With midterm elections less than three weeks away, political groups across campus are campaigning for candidates around the nation and encouraging students to register and vote.
Claire Dinshaw discusses Paul Ryan’s legacy in Congress and as speaker, and whether he deserves the credit he receives as an intellectual light of the Republican Party.
As the summer draws nearer and nearer, it seems increasingly likely that the Republican Party will lose the 2016 presidential election. There are three ways they can lose. They can lose with a racist demagogue at the helm. They can lose with a self-interested, loathed-by-all, ideological extremist. They can even lose with a hand-picked, more…
This primary season will be one for the history books. The House of Bush has fallen to a bombastic TV-star businessman with no political experience. A neurosurgeon — who makes watching paint dry seem interesting — has surpassed well-known governors in the polls. And a little-known senator from Vermont has proven to be a formidable opponent to…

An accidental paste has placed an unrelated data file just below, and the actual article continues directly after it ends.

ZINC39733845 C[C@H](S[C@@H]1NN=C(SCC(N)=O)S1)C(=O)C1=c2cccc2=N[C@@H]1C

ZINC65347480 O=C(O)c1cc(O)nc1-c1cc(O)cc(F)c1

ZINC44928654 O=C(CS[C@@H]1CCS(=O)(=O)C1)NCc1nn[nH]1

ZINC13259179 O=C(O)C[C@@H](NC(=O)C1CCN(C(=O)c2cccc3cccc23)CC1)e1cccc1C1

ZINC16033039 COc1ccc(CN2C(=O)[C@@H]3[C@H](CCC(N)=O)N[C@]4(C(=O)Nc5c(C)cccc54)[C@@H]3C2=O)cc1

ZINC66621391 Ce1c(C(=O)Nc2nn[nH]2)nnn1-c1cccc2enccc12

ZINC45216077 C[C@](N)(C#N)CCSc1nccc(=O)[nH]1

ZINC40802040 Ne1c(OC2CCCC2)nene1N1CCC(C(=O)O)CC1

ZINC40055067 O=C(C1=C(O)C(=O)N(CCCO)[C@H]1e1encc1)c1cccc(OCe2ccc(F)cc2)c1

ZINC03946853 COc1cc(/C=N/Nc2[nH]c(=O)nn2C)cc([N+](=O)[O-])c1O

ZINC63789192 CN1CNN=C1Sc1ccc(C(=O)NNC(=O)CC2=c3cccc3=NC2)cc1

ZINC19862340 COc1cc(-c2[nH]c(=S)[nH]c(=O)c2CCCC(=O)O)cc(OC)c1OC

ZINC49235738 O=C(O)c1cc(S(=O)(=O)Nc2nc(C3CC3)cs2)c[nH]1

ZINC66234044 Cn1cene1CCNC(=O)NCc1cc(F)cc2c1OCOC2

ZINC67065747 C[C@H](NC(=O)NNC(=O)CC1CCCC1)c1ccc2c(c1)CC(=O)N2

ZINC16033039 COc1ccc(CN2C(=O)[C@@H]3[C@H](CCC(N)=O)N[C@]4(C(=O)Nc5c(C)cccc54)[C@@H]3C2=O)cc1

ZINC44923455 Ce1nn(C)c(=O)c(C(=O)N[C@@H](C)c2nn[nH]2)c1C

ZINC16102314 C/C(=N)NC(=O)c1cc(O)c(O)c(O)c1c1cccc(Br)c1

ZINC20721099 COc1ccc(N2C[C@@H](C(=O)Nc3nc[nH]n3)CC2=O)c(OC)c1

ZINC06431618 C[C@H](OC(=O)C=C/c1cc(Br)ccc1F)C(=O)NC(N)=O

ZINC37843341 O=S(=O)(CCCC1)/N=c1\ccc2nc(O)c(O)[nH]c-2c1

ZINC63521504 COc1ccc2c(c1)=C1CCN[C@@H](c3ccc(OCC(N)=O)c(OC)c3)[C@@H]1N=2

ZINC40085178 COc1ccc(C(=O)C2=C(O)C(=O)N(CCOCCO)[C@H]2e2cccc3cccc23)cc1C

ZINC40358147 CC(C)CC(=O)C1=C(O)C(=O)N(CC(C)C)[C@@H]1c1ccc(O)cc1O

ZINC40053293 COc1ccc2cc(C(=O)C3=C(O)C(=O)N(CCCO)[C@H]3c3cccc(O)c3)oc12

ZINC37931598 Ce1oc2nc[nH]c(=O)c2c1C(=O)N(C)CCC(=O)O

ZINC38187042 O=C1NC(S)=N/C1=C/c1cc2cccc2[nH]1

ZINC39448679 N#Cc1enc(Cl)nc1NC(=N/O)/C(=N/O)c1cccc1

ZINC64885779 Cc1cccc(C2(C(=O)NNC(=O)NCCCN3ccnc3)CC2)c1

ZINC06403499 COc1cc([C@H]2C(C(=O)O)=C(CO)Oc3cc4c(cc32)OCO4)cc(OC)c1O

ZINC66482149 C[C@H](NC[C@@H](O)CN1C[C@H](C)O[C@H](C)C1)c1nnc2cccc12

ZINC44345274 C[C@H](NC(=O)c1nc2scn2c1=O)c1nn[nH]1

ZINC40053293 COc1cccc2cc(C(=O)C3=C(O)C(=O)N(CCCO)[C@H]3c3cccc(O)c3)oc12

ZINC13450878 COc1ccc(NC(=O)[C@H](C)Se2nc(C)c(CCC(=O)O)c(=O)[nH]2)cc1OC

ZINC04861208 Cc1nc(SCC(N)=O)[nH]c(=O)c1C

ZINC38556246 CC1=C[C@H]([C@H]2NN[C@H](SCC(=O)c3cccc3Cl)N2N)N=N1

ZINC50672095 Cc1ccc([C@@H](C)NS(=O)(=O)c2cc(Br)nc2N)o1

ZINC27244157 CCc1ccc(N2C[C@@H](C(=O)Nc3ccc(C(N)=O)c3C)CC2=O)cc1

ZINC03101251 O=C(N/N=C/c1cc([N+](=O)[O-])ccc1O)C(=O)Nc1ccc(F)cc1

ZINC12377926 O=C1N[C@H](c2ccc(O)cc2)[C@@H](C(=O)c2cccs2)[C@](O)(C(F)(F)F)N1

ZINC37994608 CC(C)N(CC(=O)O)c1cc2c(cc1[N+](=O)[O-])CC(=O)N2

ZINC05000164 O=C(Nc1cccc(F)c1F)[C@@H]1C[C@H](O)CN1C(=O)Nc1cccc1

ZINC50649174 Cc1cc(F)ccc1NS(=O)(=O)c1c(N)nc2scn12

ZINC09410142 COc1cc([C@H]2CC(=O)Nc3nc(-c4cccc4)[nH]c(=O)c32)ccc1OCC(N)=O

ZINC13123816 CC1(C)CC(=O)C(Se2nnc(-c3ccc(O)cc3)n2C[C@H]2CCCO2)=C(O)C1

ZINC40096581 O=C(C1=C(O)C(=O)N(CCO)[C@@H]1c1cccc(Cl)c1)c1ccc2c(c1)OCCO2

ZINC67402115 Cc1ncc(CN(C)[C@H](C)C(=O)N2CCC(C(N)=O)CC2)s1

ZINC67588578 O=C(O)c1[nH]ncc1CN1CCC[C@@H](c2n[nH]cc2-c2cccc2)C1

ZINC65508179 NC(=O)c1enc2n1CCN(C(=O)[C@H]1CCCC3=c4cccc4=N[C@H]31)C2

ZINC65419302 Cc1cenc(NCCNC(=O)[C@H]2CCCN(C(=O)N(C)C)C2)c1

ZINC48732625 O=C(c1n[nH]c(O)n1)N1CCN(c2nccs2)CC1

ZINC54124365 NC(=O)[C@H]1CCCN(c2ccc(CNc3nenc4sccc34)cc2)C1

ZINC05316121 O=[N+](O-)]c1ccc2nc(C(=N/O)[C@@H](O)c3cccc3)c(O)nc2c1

Boehner’s resignation is extremely abnormal. For starters, this is the first time since 1910 that a House Speaker is being forced out by members of his own party. And speaking of his own party – Boehner is being forced out by the conservative wing of the GOP, which is strange because before Boehner assumed the Speakership (and the first cohort of Tea Partiers were sworn in) in 2010, he was the eighth most conservative member in the House among a total of around 200 Republican congressmen.
On the heels of a presidential debate dominated by discussion of the economy, Nobel Laureate and Professor Emeritus Kenneth Arrow discussed the pertinent economic issues of the day with the Professor of Economics John Taylor, Ph.D. ’73.
Rice made few references to either Republican talking points or their nominee: she only used Mitt Romney’s name five times and only obliquely attacked the incumbent president.
With his sweep of five primaries Tuesday, former Massachusetts governor Mitt Romney continues to consolidate his grip on the Republican presidential nomination, causing media attention to shift to his selection of a running mate. Stanford professors disagreed about just how important Romney’s choice may be come November.